By Victoria Rolfe
I’ll bet if you ask anyone if they are a gardener of vegetables or flowers, they will say one or the other, or might even say both, but they would not mean both together in one garden. In many minds, gardening is divided into two main categories. There is landscaping or flower gardening, and there is vegetable gardening. The vegetable garden is usually out back somewhere sight-unseen, with regimented rows of edibles, if there even is a veggie garden at all.
This divide of different gardens is the result of the typical mindset that there are plants grown for beauty and plants grown for food, and never the twain shall meet. To this I say, Poppycock! A beautiful plant is a beautiful plant, whether you can eat it or not. And if you can eat it, then you’ve got an added bonus to your gardening efforts. Vegetables are not ugly. In fact, some of them are gorgeous. They deserve to be admired for their looks as well as their deliciousness and nutrition.
Some folks, who will readily grow plants around the foundation of their home and maybe an additional flower garden or two, say that they don’t have the time or money or space for a vegetable garden. Au contraire! If you have the room for any plants at all, and you are putting in the effort to maintain and keep them alive and happy, then you can quite easily grow at least a few vegetables, herbs, or fruits.
Almost a decade ago, when my team of Magical Gardeners (aka Master Gardener Volunteers) took over the planting of one of the gardens in the front of the Dutchess County Farm and Home Center as part of the Sustainable Demonstration Gardens, we made a strong commitment: As part of our education for the public, we would always grow something edible in our garden to show people just how easy and satisfying it can be to raise food, even without a vegetable garden.
We have been faithful to this promise throughout our years together. In fact, when we recently renamed the demonstration gardens from the boring “locations” we originally used — ours was “Middle Lower” — to names that reflected more of what ours were all about, we rechristened ours the “Ornamentals & Edibles Garden.” We have gotten many compliments on it through the years and no one has ever commented that it looked like a vegetable garden. In fact, I don’t think most people even notice how many edible plants we have packed into our special space.
There are so many lovely features that edible plants have to offer in an aesthetic design. Some offer stunning leaf color and texture. These include many lettuces, kale, parsley, oregano, basils, Swiss chard, and cabbages. Others offer pretty flowers, such as many beans, peas, and herbs like chives and lavender. The huge flowers of squash family plants can be quite dramatic in an ornamental setting as well. Even the actual vegetables themselves offer visual appeal in addition to nutrition. We have grown adorable orange “Tangerine Dream” peppers in our O & E bed, and multicolored cherry tomatoes have graced our archway as well.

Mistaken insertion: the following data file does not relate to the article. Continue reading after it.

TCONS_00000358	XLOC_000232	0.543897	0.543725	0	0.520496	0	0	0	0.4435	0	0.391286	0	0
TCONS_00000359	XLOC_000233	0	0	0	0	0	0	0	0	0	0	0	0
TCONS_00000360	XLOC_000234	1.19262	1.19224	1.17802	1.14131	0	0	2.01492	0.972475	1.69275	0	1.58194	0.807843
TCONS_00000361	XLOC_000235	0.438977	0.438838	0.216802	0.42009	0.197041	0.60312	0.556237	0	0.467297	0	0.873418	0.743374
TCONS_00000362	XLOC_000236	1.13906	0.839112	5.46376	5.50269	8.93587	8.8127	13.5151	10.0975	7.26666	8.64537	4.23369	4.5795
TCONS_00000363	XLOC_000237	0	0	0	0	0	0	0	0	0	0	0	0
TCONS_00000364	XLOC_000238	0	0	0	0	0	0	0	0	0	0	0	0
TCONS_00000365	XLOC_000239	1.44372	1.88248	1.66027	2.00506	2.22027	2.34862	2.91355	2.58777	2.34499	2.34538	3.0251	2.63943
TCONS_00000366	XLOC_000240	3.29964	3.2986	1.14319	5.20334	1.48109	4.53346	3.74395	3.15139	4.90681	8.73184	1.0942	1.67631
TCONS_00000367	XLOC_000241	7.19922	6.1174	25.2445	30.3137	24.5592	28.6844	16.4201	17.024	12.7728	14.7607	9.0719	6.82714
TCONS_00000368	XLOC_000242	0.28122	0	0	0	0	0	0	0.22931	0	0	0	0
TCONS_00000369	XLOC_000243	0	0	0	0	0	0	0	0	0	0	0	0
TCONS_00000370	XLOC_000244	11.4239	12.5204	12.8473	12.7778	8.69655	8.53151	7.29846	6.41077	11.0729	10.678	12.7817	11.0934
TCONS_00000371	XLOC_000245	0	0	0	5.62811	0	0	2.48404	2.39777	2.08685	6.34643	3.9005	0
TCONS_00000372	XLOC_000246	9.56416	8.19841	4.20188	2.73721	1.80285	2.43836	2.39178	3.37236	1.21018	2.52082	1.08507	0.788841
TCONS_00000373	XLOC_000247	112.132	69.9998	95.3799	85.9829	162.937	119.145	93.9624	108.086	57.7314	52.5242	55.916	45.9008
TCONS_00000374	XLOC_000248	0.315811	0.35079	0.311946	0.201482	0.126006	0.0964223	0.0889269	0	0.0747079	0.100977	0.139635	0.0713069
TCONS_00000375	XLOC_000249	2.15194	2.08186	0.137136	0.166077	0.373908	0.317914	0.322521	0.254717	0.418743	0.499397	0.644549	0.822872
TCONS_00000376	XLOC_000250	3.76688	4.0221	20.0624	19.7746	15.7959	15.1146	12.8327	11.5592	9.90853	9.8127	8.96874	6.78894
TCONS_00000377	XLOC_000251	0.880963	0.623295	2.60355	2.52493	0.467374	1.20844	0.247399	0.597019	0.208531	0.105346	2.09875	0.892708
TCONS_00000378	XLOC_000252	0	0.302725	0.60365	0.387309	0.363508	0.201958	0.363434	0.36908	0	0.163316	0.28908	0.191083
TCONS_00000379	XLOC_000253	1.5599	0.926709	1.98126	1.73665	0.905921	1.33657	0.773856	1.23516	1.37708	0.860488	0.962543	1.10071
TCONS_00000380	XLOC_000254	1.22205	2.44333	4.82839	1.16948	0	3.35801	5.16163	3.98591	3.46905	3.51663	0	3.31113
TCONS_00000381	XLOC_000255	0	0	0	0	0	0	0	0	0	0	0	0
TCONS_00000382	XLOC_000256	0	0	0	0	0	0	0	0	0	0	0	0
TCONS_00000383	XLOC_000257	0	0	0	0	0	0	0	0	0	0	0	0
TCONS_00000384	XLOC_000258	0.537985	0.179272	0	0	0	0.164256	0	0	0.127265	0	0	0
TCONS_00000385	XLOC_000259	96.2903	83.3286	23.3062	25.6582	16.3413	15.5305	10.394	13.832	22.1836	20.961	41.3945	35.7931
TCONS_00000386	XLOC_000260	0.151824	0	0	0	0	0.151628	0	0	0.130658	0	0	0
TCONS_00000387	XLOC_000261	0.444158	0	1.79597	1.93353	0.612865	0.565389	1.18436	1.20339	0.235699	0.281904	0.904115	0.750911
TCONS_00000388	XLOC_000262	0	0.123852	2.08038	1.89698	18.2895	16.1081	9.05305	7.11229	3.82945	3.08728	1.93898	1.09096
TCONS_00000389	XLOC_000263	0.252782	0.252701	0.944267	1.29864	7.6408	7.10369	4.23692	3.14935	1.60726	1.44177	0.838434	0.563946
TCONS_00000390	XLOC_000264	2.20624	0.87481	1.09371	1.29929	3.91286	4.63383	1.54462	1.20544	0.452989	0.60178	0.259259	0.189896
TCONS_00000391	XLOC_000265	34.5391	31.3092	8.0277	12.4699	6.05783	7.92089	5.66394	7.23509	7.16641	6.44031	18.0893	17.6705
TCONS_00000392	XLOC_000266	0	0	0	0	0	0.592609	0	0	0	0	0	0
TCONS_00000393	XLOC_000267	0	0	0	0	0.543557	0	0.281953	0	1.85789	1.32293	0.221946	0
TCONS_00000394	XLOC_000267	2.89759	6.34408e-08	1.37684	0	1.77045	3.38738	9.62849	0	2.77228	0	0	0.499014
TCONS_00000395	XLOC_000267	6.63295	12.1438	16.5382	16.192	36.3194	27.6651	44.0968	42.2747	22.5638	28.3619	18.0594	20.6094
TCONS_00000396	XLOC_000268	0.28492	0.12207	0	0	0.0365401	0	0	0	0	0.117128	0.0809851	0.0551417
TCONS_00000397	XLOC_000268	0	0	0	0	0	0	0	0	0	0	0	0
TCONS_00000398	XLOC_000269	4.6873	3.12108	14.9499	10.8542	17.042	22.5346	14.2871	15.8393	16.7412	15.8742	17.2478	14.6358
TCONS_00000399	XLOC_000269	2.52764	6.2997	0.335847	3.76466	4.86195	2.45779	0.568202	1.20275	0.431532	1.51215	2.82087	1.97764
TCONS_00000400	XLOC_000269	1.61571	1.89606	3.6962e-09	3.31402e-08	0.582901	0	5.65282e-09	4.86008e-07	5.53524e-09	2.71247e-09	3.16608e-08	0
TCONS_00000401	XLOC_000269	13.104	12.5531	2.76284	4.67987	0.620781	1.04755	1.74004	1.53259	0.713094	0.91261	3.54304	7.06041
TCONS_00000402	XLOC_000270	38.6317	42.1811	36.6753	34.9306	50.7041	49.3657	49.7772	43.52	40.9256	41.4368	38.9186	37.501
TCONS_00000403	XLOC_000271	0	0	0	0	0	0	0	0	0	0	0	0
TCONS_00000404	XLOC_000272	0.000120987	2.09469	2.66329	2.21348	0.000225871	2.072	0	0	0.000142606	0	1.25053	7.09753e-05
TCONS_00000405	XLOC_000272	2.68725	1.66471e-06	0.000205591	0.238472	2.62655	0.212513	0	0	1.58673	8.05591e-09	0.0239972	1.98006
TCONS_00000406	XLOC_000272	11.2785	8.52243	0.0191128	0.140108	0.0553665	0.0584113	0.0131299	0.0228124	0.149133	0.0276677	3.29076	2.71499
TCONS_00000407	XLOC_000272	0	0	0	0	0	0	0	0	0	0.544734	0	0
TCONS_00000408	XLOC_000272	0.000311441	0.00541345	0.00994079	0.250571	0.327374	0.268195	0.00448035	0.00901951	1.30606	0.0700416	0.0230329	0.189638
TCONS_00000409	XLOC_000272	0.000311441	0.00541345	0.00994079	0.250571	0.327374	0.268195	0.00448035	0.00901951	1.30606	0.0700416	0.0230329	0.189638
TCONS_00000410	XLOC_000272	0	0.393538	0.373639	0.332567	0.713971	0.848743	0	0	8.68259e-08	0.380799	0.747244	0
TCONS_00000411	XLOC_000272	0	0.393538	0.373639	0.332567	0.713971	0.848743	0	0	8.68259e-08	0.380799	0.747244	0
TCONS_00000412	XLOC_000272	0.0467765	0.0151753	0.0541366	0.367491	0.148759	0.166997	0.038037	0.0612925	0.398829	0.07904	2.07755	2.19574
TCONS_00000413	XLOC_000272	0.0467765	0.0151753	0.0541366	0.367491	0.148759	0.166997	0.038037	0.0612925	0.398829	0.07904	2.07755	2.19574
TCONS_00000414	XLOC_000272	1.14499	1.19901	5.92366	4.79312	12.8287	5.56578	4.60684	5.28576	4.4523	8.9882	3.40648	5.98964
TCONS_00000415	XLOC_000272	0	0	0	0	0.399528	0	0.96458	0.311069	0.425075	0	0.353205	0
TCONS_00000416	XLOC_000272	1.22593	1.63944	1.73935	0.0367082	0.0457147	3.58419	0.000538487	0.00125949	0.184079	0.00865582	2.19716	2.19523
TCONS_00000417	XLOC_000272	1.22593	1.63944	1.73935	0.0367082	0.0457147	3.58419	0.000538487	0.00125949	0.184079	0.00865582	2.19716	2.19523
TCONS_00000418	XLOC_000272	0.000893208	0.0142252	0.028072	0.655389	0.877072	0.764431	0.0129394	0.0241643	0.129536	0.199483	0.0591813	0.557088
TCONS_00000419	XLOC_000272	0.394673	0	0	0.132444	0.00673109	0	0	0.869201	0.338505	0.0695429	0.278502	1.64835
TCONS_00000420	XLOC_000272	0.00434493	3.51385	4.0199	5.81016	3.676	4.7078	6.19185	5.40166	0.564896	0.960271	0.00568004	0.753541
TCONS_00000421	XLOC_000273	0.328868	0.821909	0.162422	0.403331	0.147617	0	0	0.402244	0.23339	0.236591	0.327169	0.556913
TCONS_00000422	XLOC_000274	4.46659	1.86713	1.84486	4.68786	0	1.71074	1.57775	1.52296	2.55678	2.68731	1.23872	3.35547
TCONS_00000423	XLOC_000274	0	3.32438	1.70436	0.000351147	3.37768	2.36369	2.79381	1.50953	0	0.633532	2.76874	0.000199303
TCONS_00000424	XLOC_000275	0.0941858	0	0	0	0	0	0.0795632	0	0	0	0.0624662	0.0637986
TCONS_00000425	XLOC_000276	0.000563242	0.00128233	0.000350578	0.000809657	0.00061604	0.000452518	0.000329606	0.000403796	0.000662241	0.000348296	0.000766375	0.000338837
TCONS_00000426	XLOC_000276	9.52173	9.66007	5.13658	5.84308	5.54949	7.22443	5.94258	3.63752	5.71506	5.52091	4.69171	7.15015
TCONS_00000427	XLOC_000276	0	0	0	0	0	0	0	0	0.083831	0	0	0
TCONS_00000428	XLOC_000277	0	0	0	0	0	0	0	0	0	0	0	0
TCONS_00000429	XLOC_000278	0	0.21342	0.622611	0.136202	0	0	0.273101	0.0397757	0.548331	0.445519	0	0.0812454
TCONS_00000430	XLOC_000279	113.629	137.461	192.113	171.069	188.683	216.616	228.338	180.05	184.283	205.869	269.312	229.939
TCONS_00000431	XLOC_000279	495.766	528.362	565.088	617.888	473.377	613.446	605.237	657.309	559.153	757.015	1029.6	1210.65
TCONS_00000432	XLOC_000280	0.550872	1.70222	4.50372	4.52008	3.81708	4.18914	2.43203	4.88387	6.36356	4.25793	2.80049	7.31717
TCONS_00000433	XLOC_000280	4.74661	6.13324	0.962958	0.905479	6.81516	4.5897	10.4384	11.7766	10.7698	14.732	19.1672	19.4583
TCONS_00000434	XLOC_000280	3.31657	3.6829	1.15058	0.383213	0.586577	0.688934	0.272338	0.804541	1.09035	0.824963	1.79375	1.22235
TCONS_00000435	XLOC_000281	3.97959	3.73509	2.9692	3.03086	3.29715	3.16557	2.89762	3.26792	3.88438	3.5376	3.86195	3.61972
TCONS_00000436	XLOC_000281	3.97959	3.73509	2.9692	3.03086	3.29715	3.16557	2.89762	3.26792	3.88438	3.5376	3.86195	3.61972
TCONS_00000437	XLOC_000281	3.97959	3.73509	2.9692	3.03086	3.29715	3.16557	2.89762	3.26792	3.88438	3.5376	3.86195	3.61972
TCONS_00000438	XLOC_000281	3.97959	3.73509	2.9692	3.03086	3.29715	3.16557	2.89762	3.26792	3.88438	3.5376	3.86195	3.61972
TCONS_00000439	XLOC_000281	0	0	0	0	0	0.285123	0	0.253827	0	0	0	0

Not only are the plants we grow for food also pleasing to look at, but many of the plants we grow as flowers are edible as well. Some of these include nasturtiums, violets, pansies, marigolds, carnations, chrysanthemums, and bee balm.
And, of course, fruit trees such as apple, cherry, and pear in your landscape can be just as attractive as ornamentals, with their delightful spring riot of blossoms. We have a simply magnificent elderberry bush in front of the Farm and Home Center that is a show stopper for its delicate lacey purple leaves as well as its spring blossoms and the lush fruit that adorns its graceful branches in the summertime.
So, I say let’s put an end to this silly divide between plants grown for glamor and plants grown for food. They can be one and the same. Every plant is beautiful in its own way, and some are delicious and nutritious as well. Let them all happily blend together and the world will be a better place.
Victoria Rolfe has had a love of gardening all her life, from the time she was a tiny child coveting the daffodils growing in her neighbor’s yard (and wondering why she couldn’t have them in her own), to her teenage years when she took her pot experimentation in a different direction by growing the seeds she extracted from the bag into a beautiful marijuana plant on her bedroom windowsill. She went on in her adult years to feed her family by growing a huge and bountiful vegetable garden, as well as beautifying her three-acre property with an array of ornamental trees, bushes and flowers in the magnificent Hudson Valley region of New York.
Victoria learned a great deal in the process of all this plant experimentation. She then added to that knowledge by taking courses with the Cornell Cooperative Extension to become a Master Gardener Volunteer. In her volunteer capacity, she helps to educate the public on gardening through classes and information booths, most notably at the Dutchess County N.Y. Fair each August. Throughout the summer months, Victoria is most likely to be found among the weeds, either in her own garden or those of others who actually pay her to play in their dirt and do the thing she loves best, delight in the magical world of gardening.
Victoria is not only a gardening aficionado; she is also passionate about helping people live a better life on less money. Visit her website and blog at brightfuture2budget4.weebly.com, or email her at firstname.lastname@example.org.